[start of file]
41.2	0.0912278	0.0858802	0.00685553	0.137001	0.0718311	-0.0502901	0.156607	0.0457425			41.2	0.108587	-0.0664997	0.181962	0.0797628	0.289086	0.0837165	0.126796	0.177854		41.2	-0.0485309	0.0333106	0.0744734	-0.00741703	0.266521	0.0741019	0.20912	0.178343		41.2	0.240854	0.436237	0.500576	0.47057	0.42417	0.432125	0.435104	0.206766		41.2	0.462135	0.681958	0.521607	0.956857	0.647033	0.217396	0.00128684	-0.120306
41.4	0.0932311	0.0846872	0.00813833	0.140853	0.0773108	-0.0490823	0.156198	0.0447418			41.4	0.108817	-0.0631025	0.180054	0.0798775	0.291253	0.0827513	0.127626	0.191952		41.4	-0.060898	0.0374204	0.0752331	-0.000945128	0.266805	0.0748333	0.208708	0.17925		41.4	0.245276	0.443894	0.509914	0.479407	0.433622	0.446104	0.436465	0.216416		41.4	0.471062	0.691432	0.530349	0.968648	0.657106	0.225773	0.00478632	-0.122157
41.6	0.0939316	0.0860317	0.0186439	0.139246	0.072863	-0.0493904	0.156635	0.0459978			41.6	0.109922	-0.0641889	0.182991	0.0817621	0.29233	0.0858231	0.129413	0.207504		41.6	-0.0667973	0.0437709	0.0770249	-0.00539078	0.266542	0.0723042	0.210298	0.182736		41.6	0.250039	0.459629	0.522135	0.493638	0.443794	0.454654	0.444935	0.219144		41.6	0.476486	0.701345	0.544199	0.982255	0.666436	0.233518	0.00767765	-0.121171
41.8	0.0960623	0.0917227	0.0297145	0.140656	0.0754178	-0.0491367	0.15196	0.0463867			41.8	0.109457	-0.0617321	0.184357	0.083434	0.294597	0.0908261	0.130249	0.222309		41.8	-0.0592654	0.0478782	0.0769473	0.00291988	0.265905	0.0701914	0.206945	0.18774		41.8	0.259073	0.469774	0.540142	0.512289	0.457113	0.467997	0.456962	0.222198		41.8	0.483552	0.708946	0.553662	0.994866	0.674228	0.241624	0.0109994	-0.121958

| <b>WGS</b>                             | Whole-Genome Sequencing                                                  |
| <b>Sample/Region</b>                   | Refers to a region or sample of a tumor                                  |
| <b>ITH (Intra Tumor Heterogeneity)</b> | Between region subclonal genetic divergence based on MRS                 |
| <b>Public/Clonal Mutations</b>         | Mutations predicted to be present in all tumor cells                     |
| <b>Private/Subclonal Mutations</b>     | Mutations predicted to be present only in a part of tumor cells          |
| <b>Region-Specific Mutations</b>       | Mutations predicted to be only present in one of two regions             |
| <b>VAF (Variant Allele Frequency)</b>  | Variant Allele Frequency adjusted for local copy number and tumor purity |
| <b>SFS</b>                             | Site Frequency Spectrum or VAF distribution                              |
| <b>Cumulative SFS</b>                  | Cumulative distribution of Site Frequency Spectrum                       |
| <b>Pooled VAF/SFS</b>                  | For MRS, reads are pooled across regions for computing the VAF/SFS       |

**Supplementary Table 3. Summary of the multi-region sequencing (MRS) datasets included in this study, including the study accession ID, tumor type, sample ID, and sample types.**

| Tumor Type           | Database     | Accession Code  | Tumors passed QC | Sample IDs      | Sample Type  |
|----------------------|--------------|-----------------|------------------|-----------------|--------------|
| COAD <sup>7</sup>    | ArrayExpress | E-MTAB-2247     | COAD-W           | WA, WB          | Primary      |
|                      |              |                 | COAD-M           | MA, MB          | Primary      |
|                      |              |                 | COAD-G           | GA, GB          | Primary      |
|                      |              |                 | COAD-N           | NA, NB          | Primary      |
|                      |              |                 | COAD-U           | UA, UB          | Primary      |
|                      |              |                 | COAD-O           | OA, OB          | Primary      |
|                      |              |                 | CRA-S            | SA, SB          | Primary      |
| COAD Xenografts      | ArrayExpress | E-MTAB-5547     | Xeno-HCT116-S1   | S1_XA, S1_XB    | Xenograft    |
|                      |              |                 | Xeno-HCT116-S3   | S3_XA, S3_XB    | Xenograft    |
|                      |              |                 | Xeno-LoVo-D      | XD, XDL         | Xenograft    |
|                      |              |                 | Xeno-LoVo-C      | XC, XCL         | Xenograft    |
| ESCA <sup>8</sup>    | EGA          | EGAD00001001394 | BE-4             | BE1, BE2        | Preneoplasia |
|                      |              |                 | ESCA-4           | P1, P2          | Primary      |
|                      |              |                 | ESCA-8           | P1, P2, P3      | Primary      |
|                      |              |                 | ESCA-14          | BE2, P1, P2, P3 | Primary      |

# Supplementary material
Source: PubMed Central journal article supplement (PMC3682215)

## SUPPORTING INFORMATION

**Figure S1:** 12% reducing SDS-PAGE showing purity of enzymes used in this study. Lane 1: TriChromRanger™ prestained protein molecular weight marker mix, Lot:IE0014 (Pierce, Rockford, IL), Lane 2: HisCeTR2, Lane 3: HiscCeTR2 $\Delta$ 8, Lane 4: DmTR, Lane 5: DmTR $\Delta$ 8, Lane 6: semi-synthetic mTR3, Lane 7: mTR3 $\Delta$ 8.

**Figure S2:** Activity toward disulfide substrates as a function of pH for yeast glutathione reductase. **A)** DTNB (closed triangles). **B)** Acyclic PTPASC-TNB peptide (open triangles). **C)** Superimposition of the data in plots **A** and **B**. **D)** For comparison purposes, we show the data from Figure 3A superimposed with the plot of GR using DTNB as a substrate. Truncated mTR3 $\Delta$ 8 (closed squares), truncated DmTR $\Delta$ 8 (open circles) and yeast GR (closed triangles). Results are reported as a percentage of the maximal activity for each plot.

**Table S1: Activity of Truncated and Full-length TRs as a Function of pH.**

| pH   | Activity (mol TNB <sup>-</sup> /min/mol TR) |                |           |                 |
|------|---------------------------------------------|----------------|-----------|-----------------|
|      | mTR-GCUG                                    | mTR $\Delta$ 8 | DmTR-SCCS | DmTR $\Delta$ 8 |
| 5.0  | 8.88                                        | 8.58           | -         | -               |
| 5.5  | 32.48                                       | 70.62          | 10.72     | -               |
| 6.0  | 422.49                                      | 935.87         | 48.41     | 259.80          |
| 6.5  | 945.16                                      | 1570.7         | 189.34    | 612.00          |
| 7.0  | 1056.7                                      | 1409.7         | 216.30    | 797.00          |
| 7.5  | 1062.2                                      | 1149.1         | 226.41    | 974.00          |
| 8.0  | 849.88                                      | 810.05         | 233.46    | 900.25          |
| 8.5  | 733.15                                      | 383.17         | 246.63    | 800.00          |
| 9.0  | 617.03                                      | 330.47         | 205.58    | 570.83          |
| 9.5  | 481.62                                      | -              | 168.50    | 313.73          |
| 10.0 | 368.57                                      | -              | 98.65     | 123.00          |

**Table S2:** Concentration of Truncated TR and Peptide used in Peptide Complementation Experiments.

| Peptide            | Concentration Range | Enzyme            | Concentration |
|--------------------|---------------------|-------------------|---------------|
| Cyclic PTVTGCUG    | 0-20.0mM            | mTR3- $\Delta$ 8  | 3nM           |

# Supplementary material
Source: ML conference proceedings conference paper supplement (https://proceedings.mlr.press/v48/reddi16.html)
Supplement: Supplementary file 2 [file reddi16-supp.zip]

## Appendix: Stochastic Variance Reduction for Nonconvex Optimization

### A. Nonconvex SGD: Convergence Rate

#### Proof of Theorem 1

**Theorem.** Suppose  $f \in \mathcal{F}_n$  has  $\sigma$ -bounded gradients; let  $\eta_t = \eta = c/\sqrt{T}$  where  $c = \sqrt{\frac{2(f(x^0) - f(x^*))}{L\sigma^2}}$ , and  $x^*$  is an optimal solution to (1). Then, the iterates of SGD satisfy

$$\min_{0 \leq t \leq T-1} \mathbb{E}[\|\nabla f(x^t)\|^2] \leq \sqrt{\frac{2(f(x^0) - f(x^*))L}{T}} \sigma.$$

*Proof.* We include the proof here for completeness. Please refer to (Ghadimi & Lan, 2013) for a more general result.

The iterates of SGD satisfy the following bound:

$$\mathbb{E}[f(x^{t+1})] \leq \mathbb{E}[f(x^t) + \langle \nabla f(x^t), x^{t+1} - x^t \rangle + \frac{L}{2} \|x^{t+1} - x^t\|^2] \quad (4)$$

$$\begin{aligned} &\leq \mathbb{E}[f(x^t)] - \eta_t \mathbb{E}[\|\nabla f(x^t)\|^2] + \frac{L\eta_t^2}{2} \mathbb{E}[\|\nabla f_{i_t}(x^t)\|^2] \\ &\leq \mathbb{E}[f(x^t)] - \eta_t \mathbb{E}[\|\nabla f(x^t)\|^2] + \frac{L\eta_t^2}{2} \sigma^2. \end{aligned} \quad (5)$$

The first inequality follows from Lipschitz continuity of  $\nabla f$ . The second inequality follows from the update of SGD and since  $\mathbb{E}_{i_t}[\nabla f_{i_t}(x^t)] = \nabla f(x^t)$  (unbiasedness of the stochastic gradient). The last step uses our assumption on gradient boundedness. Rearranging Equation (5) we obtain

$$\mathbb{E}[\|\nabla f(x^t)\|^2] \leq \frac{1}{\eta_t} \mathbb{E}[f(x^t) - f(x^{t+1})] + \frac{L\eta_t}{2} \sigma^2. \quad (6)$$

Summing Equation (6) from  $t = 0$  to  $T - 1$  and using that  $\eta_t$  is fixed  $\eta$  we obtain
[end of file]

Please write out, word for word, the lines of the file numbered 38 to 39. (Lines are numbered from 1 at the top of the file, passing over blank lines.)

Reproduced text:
**Table S1: Activity of Truncated and Full-length TRs as a Function of pH.**

| pH   | Activity (mol TNB <sup>-</sup> /min/mol TR) |                |           |                 |